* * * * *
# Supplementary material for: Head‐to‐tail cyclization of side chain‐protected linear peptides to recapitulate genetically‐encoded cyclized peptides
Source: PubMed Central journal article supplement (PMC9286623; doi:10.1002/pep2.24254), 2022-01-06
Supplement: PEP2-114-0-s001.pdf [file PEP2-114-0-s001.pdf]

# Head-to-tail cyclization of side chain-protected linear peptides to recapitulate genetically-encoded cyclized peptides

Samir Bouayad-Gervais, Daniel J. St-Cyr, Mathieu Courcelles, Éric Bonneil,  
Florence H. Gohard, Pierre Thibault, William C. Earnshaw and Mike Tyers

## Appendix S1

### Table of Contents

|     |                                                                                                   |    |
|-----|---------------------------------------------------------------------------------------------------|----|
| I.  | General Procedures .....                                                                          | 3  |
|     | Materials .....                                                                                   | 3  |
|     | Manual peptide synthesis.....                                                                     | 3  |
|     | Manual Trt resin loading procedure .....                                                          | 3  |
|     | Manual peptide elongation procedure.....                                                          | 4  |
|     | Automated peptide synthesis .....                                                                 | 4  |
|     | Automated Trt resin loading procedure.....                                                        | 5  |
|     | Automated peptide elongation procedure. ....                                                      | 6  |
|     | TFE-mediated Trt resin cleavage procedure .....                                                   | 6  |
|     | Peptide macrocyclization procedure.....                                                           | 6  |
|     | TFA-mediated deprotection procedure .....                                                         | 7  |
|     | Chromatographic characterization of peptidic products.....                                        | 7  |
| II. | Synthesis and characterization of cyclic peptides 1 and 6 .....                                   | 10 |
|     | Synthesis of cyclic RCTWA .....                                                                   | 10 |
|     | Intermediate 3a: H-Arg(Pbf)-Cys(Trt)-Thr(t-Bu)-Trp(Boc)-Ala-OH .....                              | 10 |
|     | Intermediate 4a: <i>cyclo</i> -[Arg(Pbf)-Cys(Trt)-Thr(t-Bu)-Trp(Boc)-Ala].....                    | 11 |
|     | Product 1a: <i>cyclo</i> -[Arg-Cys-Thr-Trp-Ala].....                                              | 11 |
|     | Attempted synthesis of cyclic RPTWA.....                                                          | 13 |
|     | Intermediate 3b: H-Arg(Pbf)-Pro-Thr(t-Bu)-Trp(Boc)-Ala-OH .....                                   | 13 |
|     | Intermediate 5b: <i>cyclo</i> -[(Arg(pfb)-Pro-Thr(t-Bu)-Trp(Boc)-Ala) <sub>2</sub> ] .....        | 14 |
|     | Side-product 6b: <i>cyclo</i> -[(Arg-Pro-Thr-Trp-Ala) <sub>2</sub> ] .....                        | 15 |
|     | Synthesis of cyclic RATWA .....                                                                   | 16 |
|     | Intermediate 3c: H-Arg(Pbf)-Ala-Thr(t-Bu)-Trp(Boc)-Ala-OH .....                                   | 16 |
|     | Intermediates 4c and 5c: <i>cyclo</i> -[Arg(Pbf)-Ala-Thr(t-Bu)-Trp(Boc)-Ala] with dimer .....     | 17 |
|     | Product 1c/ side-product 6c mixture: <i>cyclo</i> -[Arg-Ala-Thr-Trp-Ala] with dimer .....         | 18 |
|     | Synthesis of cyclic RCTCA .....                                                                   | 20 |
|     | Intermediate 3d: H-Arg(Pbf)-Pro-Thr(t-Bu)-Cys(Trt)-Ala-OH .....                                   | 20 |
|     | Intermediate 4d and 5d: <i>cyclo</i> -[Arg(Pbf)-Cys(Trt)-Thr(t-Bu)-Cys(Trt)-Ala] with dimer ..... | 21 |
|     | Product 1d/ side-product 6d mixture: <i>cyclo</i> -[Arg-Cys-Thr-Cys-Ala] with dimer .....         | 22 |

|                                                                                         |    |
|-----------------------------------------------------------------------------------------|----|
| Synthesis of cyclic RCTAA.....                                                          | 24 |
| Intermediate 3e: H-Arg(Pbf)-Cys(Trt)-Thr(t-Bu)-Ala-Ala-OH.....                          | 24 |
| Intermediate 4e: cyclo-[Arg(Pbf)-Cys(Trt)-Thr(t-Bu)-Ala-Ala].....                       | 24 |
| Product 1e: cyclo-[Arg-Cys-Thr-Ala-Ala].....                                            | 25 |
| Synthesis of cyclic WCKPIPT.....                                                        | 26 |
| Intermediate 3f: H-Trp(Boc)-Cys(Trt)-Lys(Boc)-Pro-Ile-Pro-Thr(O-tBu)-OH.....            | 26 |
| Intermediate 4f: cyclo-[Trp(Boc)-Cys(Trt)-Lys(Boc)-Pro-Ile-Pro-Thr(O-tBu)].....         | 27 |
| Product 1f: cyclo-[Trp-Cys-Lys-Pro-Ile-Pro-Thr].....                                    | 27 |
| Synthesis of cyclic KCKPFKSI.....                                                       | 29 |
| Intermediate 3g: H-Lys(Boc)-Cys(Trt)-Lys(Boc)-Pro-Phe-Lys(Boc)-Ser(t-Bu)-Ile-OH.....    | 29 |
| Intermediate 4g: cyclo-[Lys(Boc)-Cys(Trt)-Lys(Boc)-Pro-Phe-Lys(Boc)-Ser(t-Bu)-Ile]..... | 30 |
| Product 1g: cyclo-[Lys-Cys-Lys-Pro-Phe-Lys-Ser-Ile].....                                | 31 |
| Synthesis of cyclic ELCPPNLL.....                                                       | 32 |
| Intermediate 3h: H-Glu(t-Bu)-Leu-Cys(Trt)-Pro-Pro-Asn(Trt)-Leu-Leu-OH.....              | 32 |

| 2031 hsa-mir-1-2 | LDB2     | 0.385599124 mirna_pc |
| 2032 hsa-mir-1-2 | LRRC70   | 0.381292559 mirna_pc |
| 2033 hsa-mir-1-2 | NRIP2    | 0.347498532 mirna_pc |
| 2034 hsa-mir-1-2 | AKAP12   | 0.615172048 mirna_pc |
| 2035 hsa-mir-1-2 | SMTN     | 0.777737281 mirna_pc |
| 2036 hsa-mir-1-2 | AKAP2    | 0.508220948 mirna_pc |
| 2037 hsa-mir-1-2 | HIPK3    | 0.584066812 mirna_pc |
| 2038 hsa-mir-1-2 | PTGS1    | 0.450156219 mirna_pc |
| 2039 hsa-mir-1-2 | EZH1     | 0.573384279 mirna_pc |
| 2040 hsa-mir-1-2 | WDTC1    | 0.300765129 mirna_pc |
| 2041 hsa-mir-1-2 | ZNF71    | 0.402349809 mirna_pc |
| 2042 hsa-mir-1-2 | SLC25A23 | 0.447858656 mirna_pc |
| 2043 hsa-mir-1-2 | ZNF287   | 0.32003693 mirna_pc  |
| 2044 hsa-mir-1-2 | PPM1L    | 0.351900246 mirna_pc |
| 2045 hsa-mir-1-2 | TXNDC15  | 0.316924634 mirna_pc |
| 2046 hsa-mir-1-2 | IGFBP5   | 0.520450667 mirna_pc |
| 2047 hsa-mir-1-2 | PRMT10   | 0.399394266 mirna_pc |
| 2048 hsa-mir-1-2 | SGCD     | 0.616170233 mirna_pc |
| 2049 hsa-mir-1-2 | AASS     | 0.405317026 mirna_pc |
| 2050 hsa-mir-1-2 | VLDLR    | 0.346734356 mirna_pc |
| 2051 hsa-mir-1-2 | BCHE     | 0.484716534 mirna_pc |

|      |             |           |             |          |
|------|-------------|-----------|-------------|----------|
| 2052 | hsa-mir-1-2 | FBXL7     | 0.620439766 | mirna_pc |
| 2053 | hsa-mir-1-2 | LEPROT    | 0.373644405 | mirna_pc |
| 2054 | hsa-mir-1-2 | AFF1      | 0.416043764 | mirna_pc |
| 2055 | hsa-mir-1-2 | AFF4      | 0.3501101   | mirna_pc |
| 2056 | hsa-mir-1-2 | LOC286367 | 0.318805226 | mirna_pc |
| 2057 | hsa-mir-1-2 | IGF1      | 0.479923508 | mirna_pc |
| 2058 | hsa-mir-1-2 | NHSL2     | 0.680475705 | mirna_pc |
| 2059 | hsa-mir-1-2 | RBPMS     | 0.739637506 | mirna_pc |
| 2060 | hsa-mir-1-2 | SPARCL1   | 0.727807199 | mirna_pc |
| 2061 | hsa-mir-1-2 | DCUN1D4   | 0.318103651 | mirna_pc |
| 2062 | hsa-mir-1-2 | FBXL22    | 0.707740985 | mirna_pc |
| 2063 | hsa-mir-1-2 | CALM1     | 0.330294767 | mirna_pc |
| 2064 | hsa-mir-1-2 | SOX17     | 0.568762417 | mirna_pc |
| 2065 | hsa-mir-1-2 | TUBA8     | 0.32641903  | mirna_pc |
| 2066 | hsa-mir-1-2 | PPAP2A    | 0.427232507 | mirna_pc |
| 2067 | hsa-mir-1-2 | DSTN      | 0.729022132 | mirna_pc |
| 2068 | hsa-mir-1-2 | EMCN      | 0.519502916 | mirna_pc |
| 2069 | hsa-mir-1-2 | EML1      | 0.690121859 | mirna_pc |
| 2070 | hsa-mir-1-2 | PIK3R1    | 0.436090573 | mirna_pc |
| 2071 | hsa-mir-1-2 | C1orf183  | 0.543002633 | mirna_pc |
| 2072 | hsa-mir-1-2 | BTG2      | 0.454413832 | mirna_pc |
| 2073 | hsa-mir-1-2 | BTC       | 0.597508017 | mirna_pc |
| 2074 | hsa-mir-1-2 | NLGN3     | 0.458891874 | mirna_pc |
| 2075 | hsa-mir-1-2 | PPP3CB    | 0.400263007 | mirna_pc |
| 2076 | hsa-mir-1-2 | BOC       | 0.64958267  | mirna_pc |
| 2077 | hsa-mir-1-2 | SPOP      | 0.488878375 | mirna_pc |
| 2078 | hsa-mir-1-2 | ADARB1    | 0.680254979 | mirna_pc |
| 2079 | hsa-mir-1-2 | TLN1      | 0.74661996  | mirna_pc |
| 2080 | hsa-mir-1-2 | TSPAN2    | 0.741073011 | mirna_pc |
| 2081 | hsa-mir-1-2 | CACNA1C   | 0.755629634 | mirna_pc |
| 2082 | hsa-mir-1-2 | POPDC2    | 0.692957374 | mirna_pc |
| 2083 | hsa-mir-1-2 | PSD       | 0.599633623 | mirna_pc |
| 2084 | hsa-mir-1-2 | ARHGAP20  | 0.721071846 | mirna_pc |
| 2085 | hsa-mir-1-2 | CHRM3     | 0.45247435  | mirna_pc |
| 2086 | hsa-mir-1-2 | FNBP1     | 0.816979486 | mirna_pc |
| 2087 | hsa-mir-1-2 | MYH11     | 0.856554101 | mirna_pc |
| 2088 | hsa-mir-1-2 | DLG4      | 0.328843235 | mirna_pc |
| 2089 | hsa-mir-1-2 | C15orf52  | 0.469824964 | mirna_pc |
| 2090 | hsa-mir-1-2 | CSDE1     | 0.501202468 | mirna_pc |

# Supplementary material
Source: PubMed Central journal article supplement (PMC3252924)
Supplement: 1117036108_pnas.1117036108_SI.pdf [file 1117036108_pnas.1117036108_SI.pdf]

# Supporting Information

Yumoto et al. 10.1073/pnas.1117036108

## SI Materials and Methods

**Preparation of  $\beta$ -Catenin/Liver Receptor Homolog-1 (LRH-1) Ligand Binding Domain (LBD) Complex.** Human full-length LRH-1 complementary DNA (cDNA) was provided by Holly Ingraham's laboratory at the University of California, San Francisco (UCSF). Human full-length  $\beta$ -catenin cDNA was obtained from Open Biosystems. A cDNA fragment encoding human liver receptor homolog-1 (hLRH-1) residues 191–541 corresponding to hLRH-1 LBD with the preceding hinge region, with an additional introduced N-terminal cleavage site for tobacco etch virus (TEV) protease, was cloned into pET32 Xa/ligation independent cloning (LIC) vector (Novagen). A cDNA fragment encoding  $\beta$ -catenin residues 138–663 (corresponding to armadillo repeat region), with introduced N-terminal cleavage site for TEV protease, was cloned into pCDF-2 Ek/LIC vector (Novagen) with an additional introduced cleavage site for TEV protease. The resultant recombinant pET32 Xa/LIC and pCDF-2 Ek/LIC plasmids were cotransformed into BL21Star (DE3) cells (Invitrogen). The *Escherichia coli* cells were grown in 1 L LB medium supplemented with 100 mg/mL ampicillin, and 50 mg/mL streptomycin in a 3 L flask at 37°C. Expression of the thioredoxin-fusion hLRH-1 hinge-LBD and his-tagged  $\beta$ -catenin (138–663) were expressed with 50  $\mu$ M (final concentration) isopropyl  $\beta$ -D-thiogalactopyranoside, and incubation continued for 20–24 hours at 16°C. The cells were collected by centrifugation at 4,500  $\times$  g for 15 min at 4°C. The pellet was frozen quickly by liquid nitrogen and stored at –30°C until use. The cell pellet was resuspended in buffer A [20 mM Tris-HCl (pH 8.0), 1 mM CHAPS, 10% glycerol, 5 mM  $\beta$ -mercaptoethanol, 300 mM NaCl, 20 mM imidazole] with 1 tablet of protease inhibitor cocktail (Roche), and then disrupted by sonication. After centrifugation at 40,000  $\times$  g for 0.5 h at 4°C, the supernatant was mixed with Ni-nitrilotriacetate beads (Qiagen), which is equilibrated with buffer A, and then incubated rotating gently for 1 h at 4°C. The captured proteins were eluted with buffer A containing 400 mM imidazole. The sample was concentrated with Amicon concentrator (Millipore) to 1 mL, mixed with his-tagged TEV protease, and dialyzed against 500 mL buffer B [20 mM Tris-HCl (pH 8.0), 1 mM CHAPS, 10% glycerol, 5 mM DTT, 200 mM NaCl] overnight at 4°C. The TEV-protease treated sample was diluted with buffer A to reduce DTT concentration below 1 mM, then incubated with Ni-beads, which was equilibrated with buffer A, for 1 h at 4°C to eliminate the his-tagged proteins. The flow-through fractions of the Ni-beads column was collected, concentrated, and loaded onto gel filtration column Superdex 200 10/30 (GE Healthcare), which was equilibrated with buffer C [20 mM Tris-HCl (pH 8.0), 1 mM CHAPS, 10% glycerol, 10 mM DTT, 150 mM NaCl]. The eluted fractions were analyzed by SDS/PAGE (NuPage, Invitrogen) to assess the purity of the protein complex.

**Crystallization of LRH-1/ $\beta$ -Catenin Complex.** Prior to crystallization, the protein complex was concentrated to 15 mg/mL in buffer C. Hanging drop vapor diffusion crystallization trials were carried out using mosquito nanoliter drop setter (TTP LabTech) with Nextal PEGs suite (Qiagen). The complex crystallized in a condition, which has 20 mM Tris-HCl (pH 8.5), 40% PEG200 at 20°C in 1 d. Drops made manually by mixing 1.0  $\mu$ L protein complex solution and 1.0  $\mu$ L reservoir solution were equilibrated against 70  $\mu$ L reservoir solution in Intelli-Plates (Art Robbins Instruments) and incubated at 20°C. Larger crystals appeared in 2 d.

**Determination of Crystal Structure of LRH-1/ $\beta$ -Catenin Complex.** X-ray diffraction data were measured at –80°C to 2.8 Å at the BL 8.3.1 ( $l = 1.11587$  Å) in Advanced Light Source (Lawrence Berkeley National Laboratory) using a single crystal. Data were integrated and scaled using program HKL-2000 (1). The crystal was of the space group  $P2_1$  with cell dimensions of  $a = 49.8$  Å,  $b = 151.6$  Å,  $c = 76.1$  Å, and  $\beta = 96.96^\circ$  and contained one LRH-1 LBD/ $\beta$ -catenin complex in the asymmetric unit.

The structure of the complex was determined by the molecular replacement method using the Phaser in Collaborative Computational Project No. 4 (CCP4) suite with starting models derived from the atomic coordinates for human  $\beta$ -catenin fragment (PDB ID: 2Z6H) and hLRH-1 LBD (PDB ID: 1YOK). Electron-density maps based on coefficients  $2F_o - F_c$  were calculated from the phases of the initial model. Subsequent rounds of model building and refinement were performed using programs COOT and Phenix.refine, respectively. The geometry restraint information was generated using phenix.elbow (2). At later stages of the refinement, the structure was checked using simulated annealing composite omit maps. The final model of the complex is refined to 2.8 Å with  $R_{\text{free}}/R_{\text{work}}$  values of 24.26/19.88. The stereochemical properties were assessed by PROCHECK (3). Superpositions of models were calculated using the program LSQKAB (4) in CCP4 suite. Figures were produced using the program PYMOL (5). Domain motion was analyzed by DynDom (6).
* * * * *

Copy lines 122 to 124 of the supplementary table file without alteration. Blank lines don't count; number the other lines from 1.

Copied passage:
Yumoto et al. 10.1073/pnas.1117036108

## SI Materials and Methods

**Preparation of  $\beta$ -Catenin/Liver Receptor Homolog-1 (LRH-1) Ligand Binding Domain (LBD) Complex.** Human full-length LRH-1 complementary DNA (cDNA) was provided by Holly Ingraham's laboratory at the University of California, San Francisco (UCSF). Human full-length  $\beta$ -catenin cDNA was obtained from Open Biosystems. A cDNA fragment encoding human liver receptor homolog-1 (hLRH-1) residues 191–541 corresponding to hLRH-1 LBD with the preceding hinge region, with an additional introduced N-terminal cleavage site for tobacco etch virus (TEV) protease, was cloned into pET32 Xa/ligation independent cloning (LIC) vector (Novagen). A cDNA fragment encoding  $\beta$ -catenin residues 138–663 (corresponding to armadillo repeat region), with introduced N-terminal cleavage site for TEV protease, was cloned into pCDF-2 Ek/LIC vector (Novagen) with an additional introduced cleavage site for TEV protease. The resultant recombinant pET32 Xa/LIC and pCDF-2 Ek/LIC plasmids were cotransformed into BL21Star (DE3) cells (Invitrogen). The *Escherichia coli* cells were grown in 1 L LB medium supplemented with 100 mg/mL ampicillin, and 50 mg/mL streptomycin in a 3 L flask at 37°C. Expression of the thioredoxin-fusion hLRH-1 hinge-LBD and his-tagged  $\beta$ -catenin (138–663) were expressed with 50  $\mu$ M (final concentration) isopropyl  $\beta$ -D-thiogalactopyranoside, and incubation continued for 20–24 hours at 16°C. The cells were collected by centrifugation at 4,500  $\times$  g for 15 min at 4°C. The pellet was frozen quickly by liquid nitrogen and stored at –30°C until use. The cell pellet was resuspended in buffer A [20 mM Tris-HCl (pH 8.0), 1 mM CHAPS, 10% glycerol, 5 mM  $\beta$ -mercaptoethanol, 300 mM NaCl, 20 mM imidazole] with 1 tablet of protease inhibitor cocktail (Roche), and then disrupted by sonication. After centrifugation at 40,000  $\times$  g for 0.5 h at 4°C, the supernatant was mixed with Ni-nitrilotriacetate beads (Qiagen), which is equilibrated with buffer A, and then incubated rotating gently for 1 h at 4°C. The captured proteins were eluted with buffer A containing 400 mM imidazole. The sample was concentrated with Amicon concentrator (Millipore) to 1 mL, mixed with his-tagged TEV protease, and dialyzed against 500 mL buffer B [20 mM Tris-HCl (pH 8.0), 1 mM CHAPS, 10% glycerol, 5 mM DTT, 200 mM NaCl] overnight at 4°C. The TEV-protease treated sample was diluted with buffer A to reduce DTT concentration below 1 mM, then incubated with Ni-beads, which was equilibrated with buffer A, for 1 h at 4°C to eliminate the his-tagged proteins. The flow-through fractions of the Ni-beads column was collected, concentrated, and loaded onto gel filtration column Superdex 200 10/30 (GE Healthcare), which was equilibrated with buffer C [20 mM Tris-HCl (pH 8.0), 1 mM CHAPS, 10% glycerol, 10 mM DTT, 150 mM NaCl]. The eluted fractions were analyzed by SDS/PAGE (NuPage, Invitrogen) to assess the purity of the protein complex.